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District of Columbia v. 17M Associates, LLC

Court of Appeals of Columbia District

September 4, 2014

DISTRICT OF COLUMBIA, APPELLANT,
v.
17M ASSOCIATES, LLC, APPELLEE

Argued October 22, 2013

Appeals from the Superior Court of the District of Columbia. (CVT-10601-10, CVT-10802-10). (Hon. John M. Campbell, Trial Judge).

James C. McKay, Jr., Senior Assistant Attorney General for the District of Columbia, with whom Irvin B. Nathan, Attorney General, Todd S. Kim, Solicitor General, and Donna M. Murasky, Deputy Solicitor General, were on the brief, for appellant.

Stanley J. Fineman, with whom Scott B. Cryder was on the brief, for appellee.

Before BECKWITH, EASTERLY, and MCLEESE, Associate Judges.

OPINION

Page 955

Beckwith, Associate Judge

Appellant District of Columbia contends that the Superior Court erred in deferring to a decision of the Board of Real Property Assessments and Appeals (BRPAA) that found appellee 17M Associates LLC (17M) exempt from the possessory interest tax codified at D.C. Code § 47-1005.01 (b) (2012 Repl.).[1] The District also claims that the Superior Court further erred in finding, on the merits, that 17M's Lease Agreement with the District exempted 17M from the tax. We hold that the Lease Agreement did not exempt 17M from the tax and that BRPAA acted ultra vires in concluding that it did. We therefore reverse the judgment of the Superior Court and remand the case for further proceedings.

I. Background

On December 14, 1982, the District executed a Lease Agreement with 17M, under which the District " demised" (that is, leased) " certain parcels of land located on M Street between 16th and 17th Streets, Northwest" to 17M for eighty years. 17M built " Improvements" on the land, including commercial office buildings.[2] Section 19.01 of the Lease Agreement was titled " Taxes on Improvements" and required 17M to pay " all taxes, assessments, duties, impositions, and burdens assessed, charged or imposed, upon the Improvements." [3] Section 19.02, which is central

Page 956

to the present dispute, was titled " New Taxes on Improvements" and required 17M to " pay any new tax of a nature not presently in effect but which may be hereafter levied, assessed, or imposed upon the District or the Demised Premises, if such tax shall be based on or arise out of the ownership, use or operation of the Improvements."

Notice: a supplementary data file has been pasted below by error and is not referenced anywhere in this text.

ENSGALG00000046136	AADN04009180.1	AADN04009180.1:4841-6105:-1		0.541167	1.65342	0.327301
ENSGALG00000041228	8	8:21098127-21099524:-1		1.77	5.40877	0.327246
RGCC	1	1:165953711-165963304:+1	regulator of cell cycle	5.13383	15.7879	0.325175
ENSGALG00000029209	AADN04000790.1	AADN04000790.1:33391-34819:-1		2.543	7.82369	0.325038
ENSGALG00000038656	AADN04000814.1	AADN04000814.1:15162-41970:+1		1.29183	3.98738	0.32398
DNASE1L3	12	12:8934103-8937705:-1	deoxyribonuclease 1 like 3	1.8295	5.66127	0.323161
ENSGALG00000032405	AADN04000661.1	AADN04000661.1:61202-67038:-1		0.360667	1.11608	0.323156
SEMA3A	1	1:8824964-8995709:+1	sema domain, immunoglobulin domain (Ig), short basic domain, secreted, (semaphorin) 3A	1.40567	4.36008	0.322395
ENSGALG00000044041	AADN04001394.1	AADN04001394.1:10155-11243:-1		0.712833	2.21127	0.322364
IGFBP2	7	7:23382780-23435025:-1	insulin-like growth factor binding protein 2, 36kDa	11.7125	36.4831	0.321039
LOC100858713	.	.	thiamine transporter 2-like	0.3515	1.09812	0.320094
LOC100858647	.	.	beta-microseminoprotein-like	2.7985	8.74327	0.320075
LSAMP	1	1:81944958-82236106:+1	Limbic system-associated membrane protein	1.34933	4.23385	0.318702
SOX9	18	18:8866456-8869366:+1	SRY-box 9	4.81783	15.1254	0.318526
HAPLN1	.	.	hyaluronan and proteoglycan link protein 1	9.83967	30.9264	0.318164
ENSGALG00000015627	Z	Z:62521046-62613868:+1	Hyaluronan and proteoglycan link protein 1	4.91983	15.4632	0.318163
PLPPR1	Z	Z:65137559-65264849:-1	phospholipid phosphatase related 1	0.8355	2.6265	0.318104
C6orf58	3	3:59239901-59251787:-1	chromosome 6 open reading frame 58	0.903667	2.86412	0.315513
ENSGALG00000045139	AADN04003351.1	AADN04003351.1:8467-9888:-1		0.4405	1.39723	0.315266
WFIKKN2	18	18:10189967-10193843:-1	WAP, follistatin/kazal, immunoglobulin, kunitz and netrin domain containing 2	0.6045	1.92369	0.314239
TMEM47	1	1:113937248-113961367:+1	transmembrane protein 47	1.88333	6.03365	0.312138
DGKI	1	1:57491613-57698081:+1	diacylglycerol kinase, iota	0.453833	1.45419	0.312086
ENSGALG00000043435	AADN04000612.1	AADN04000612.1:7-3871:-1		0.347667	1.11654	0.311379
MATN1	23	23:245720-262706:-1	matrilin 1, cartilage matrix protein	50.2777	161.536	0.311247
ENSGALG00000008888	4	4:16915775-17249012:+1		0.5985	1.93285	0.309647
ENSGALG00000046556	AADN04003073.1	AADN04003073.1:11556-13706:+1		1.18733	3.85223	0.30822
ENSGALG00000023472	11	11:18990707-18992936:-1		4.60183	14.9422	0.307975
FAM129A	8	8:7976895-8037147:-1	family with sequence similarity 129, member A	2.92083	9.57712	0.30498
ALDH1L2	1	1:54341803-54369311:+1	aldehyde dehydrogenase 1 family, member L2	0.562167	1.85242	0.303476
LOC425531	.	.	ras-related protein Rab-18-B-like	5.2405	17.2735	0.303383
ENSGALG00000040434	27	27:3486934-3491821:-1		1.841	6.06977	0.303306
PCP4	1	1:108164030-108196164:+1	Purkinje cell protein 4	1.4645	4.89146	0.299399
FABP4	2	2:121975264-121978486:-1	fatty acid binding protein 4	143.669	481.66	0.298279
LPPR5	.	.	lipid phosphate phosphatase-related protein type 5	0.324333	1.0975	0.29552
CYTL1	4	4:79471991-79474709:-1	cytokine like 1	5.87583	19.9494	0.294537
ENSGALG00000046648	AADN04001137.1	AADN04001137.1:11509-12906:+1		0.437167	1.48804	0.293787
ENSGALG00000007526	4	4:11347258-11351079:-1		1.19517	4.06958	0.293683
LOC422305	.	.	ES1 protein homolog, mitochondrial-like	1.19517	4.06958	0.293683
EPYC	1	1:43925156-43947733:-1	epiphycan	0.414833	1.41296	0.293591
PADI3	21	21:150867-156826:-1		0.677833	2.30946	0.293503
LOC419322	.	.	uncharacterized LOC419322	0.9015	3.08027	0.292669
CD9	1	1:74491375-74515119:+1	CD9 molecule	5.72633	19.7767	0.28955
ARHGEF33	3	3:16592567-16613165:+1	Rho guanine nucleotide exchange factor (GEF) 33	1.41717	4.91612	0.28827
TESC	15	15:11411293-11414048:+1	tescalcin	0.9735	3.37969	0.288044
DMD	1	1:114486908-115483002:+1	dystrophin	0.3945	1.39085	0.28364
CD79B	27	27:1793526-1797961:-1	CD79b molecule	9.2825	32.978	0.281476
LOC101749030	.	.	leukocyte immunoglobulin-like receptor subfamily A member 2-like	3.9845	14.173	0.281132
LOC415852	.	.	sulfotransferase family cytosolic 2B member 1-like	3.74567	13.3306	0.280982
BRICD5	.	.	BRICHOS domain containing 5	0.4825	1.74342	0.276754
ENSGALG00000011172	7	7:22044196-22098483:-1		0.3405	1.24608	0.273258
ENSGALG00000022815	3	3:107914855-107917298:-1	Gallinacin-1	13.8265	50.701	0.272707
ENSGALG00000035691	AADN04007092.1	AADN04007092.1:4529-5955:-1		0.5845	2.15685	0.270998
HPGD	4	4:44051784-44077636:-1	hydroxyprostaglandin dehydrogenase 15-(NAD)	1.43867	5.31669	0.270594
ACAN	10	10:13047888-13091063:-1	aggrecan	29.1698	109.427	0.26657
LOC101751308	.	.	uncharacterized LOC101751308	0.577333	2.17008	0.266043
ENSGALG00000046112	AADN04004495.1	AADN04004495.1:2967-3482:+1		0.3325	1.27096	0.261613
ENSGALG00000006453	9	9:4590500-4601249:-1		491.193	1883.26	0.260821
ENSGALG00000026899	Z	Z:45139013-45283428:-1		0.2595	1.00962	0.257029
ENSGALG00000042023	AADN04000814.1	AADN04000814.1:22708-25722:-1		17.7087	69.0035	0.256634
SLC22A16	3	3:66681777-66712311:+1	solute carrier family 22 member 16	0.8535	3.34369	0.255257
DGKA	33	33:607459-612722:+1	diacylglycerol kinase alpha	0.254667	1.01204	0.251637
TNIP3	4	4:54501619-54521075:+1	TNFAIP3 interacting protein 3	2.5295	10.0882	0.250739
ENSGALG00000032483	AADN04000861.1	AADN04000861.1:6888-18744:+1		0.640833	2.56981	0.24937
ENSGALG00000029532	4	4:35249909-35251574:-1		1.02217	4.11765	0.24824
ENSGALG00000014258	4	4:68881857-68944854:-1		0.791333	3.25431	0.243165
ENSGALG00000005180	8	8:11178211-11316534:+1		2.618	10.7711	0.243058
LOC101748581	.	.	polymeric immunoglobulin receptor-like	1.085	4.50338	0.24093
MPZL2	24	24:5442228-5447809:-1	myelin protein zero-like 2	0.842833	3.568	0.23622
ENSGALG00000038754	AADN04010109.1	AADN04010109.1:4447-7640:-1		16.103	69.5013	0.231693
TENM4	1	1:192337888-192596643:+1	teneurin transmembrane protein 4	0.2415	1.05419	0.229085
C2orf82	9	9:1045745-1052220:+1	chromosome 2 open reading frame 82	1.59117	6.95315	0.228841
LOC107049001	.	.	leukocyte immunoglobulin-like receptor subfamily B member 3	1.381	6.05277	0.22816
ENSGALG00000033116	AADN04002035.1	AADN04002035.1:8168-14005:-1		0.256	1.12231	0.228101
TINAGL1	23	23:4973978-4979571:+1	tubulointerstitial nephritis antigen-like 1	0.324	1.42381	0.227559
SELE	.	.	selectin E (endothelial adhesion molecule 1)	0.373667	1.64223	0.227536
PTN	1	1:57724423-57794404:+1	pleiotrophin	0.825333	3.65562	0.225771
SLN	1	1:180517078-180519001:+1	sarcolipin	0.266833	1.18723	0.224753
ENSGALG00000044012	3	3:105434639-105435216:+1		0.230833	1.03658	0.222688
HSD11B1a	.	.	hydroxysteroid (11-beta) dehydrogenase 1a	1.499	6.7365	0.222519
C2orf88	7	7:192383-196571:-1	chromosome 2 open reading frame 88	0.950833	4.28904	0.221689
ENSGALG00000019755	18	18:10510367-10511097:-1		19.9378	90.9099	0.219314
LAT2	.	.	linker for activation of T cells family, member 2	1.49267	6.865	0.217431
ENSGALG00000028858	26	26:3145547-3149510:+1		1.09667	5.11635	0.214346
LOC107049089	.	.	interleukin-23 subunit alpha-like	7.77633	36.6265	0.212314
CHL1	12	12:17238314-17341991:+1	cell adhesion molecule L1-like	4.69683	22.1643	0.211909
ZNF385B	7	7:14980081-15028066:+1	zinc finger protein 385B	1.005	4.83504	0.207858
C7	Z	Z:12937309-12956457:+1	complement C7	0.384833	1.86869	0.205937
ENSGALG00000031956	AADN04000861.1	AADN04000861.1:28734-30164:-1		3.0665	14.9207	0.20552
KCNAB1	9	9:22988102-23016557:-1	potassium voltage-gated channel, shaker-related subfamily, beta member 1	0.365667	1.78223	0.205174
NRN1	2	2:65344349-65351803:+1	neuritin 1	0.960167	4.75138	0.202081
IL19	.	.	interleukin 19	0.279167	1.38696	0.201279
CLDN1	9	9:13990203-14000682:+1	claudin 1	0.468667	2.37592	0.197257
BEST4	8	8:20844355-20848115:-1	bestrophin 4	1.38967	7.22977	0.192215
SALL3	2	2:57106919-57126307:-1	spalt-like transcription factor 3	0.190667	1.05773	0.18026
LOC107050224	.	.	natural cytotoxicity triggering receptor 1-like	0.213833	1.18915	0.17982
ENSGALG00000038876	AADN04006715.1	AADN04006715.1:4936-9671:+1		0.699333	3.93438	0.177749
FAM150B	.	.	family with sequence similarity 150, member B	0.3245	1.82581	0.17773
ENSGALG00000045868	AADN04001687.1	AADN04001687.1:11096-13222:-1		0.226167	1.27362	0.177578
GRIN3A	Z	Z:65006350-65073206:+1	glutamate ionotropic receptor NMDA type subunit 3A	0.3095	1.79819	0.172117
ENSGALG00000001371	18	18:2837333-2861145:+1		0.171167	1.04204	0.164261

In 2000, the Council of the District of Columbia sought to close a " present loophole in the District's tax laws," D.C. Council, Comm. on Fin. & Revenue Report on Bill 13-586, the " Tax Clarity Act of 2000" (Sept. 28, 2000) at 17 [hereinafter Committee Report], by enacting a possessory interest tax on lessees who lease certain government-owned, and therefore tax-exempt,[4] real property but who are not themselves " exempt or immune from income taxation" and are not using the property " for an exempt or immune purpose." D.C. Code § 47-1005.01 (b).[5] The measure taxed the " leasehold interest, possessory interest, beneficial interest, or beneficial use of the lessee or user of the real property." Id. The tax is paid in the same manner and assessed at the same rate as a real property tax, but is imposed on the lessee or user and not on the property itself. D.C. Code § 47-1005.01 (f)(3).[6] The new tax would permit the District " to tax possessory interests in immune property which cannot at the present time be taxed." Committee Report, at 16. The Report cited the Old Post Office Pavilion and Union Station as examples " where businesses have possessory interests in the property that go untaxed in the District, but would be taxed in the majority of jurisdictions, including Maryland and Virginia." Committee Report, at 16-17. The tax may not be imposed when doing so " would cause the District of Columbia to breach a pre-existing agreement or other legal obligation." D.C. Code § 47-1005.01 (c)(2).

In March 2006, the District sent 17M a Notice of Proposed Possessory Interest Assessment for Tax Year 2007, describing the property as being in " Tax Class 2" and assessing its value for purposes of the possessory interest tax at $24,670,490. The District had not previously levied the tax against 17M. 17M appealed to BRPAA[7](after its First Level Appeal with the District of Columbia Office of Tax and Revenue (OTR) went unanswered), arguing that imposition of the tax breached its Lease Agreement with the District. OTR responded that BRPAA ...


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